Cyrus Chesnut: Expounding on Elvis
In New York City with Hendricks, Chestnut enjoyed and learned from not only the gig, but also the music scene.
"I loved it at the time. I was able to hang out with some of the greats, able to go to a club and see Cedar Walton hanging out. George Coleman. All the cats, they used to just come and hang out. It was great just to go to a club, go and hear the music. Hear them play. Oh man, that was great! I miss those cats."
He did stints with Donald Harrison, Terrence Blanchard and Wynton Marsalis. In 1991, he started a job at the school of the great Betty Carter, long known for being a great placeeven if a bit scaryfor young musicians to learn. Like so many before and after, he too realized the benefits.
"That was like finishing school for me. In retrospect, it was very important for my development," he says. "She always challenged you. She always wanted me to think. Win people over with skill, not with gimmicks and tricks. She'd always say jazz is about finding out who you are. That takes work. I learned a lot from Betty. Not necessarily from what she saidshe didn't say much to me. I learned most from just watching her. I was there night after night where she would sit in front of some audiences that she was well known to. Also with audiences who didn't have a clue who she was. And in less than five minutes, she would have them in the palm of her hand. It was amazing."
He adds, "Everybody that I come in contact with, you learn either what to do or what not to do."
In 1993, he signed with Atlantic Records, releasing the critically-acclaimed Revelation. His recording career has been steady, both as a sideman and on his own works like The Dark Before The Dawn, Earth Stories, and Genuine Chestnut.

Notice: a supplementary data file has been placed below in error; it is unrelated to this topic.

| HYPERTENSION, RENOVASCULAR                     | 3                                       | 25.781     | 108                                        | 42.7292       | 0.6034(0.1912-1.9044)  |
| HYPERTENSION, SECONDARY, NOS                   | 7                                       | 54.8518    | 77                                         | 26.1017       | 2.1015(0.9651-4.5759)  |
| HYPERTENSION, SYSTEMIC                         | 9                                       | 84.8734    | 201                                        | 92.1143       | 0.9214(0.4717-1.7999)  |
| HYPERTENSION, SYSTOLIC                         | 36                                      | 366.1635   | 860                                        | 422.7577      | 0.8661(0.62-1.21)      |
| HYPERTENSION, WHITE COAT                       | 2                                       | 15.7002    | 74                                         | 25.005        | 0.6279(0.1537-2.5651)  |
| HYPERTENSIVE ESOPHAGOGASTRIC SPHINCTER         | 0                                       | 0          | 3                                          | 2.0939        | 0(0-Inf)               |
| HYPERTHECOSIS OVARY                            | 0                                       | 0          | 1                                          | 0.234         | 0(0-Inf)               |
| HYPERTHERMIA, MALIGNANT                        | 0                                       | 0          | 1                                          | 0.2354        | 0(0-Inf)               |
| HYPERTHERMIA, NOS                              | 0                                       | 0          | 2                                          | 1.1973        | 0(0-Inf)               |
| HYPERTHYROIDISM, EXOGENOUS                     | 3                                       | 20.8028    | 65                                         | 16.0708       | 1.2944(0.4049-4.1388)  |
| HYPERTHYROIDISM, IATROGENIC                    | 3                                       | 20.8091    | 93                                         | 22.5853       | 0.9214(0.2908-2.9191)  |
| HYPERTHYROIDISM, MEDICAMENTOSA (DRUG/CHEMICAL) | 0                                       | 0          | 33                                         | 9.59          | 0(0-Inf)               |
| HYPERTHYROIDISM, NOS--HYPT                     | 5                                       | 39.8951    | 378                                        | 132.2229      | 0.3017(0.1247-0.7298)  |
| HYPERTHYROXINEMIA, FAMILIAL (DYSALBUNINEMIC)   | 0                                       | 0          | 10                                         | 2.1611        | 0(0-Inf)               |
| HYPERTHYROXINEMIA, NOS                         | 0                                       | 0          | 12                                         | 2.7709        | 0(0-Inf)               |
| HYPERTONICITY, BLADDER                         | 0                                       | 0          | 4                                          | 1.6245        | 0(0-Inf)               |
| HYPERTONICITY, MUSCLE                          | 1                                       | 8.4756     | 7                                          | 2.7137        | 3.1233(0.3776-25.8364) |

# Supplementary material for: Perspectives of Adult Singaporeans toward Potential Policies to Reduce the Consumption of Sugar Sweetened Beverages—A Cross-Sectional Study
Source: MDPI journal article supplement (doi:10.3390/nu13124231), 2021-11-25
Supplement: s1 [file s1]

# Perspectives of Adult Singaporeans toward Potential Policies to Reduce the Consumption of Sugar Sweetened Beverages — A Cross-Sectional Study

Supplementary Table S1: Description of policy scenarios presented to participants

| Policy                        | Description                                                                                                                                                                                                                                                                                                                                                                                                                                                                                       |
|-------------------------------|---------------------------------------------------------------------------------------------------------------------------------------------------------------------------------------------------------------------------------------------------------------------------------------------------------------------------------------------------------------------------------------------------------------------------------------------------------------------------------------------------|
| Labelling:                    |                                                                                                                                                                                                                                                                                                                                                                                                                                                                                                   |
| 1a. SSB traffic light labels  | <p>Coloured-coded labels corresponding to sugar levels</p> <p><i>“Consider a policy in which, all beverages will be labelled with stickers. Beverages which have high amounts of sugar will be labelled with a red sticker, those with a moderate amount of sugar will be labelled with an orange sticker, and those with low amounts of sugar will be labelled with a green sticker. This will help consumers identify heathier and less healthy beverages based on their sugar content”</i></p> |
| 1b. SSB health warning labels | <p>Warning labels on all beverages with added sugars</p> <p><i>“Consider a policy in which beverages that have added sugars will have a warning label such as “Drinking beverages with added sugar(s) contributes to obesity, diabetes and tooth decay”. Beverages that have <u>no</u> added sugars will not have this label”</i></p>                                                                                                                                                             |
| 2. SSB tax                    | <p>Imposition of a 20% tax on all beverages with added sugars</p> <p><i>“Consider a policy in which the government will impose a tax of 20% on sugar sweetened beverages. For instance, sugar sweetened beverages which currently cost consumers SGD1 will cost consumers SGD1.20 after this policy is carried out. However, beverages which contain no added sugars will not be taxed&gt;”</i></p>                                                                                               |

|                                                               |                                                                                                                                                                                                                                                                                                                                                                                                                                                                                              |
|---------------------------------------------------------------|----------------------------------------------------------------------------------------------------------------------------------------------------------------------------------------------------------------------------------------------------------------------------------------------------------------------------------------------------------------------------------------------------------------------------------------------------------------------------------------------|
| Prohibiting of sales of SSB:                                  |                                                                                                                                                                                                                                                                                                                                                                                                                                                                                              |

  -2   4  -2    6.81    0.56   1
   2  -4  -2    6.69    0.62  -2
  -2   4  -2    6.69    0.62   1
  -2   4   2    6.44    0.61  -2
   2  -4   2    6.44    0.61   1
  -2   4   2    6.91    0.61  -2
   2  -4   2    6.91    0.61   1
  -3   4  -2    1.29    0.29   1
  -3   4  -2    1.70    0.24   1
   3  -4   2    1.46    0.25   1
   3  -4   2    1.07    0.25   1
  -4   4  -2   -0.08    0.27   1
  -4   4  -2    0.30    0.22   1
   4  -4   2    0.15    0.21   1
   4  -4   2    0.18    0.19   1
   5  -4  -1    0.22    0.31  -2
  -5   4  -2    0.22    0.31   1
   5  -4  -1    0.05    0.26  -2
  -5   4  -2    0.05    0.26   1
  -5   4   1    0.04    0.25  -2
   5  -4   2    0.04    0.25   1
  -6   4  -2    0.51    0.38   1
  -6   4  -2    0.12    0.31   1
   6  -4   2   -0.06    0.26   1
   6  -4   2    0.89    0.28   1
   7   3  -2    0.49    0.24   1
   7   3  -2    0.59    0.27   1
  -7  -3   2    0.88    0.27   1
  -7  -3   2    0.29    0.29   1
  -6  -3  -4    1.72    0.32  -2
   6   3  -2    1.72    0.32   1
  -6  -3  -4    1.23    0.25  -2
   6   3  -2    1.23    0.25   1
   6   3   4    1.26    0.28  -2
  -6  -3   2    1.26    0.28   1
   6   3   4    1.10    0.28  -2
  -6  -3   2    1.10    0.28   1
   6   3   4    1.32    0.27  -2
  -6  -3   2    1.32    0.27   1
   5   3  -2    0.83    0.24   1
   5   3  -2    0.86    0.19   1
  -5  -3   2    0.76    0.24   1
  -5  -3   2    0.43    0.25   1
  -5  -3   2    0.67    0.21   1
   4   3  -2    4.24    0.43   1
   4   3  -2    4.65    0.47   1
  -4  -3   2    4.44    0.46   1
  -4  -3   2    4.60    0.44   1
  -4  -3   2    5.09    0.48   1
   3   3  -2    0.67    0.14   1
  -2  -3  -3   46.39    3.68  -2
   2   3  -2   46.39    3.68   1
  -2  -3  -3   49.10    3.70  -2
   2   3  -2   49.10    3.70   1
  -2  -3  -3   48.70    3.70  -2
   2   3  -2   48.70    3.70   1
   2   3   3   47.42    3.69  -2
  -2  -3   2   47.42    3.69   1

Chestnut's career has put him in with some of the finest players of the day. His trio is a major focus, but he can be found in various other settings. Last year alone, he did gigs with a Kansas City Blues revue headed by singer Kevin Mahogany and at times sat in the piano chair of the Dizzy Gillespie all-star tribute band, as he did at the JVC Jazz Festival in Newport, Rhode Island. To each of those setting, he brings an uplifting sound and feel. His music, no matter how intense, seems to have an underlying simple soul. And his ballads are thoughtful and reach out to the listener.
"Billy Higgins sat me down one time and said, â"ËœYou've always got to be able to see the dancer.' Whatever music you play, I believe it's got to dance. Whether it's a waltz, swing, groove or whatever; 5/4, 8/4, 12/10, whatever meter, I believe the music must dance. I believe it must dance."
So Chestnut pushes on. He'll be playing Elvis music in 2008, but also other projects. "I just finished honing in this one show. It's called Sanctified Swing. I just recently presented it at the Kennedy Center. What it is, is jazz goes to church.
"It's been an interesting time. The legends who we've loved over the years are slipping away. It's hard to touch hands on them now. It's very sobering. The guard is changing so rapidly. I fight to keep a good outlook for the music, because I believe as long as the voice of freedom lives in the world, there will be jazz. You try to give honest performances and just keep working, keep working, keep working," he says, reflecting on today's music scene, not long after the death of Oscar Peterson.
"At this point in time, I just look forward to moving onward and upward. The legends I see, I can only imagine how they felt when they found out Bird had passed away. But they still had to keep going on. The torch keeps getting passed. The music must move forward. What direction it's moving, I can't tell you. But I know that it's moving."
He adds, "The horizon is very positive and I'm grateful for it. I'm just looking forward to more and more possibilities."
Cyrus Chestnut, Cyrus Plays Elvis (Koch, 2007)
Cyrus Chestnut, Genuine Chestnut (TelArc, 2006)
Elvis Costello, The Juliet Letters (Rhino, 2006)
James Carter/Cyrus Chestnut/Reginald Veal/Ali Jackson, Gold Sounds (Brown Borthers, 2005)
Cyrus Chestnut, You Are My Sunshine (Warner, 2003)
Carla Cook, Simply Natural (MaxJazz, 2002)
Cyrus Chestnut, Soul Food (Atlantic, 2001)
Cyrus Chestnut, A Charlie Brown Christmas (Atlantic, 2000)
Wynton Marsalis, The Marciac Suite (Columbia, 1999)
James Carter, In Carterian Fashion (Atlantic, 1998)
Cyrus Chestnut (Atlantic, 1998)
Bud Shank, By Request: Bud Shank Meets the Rhythm Section (Milestone, 1997)
Cyrus Chestnut, Blessed Quietness: Collection of Hymns, Spirituals and Carols Gospel (Atlantic, 1996)
Cyrus Chestnut, Earth Stories (Atlantic, 1995)
Cyrus Chestnut, Dark Before the Dawn (Atlantic, 1994)
Cyrus Chestnut, Revelation (Atlantic, 1993)
Betty Carter, It's Not About the Melody (Verve, 1992)
Cyrus Chestnut, Nut (Evidence/Alfa, 1992)
Photos courtesy of Cyrus Chestnut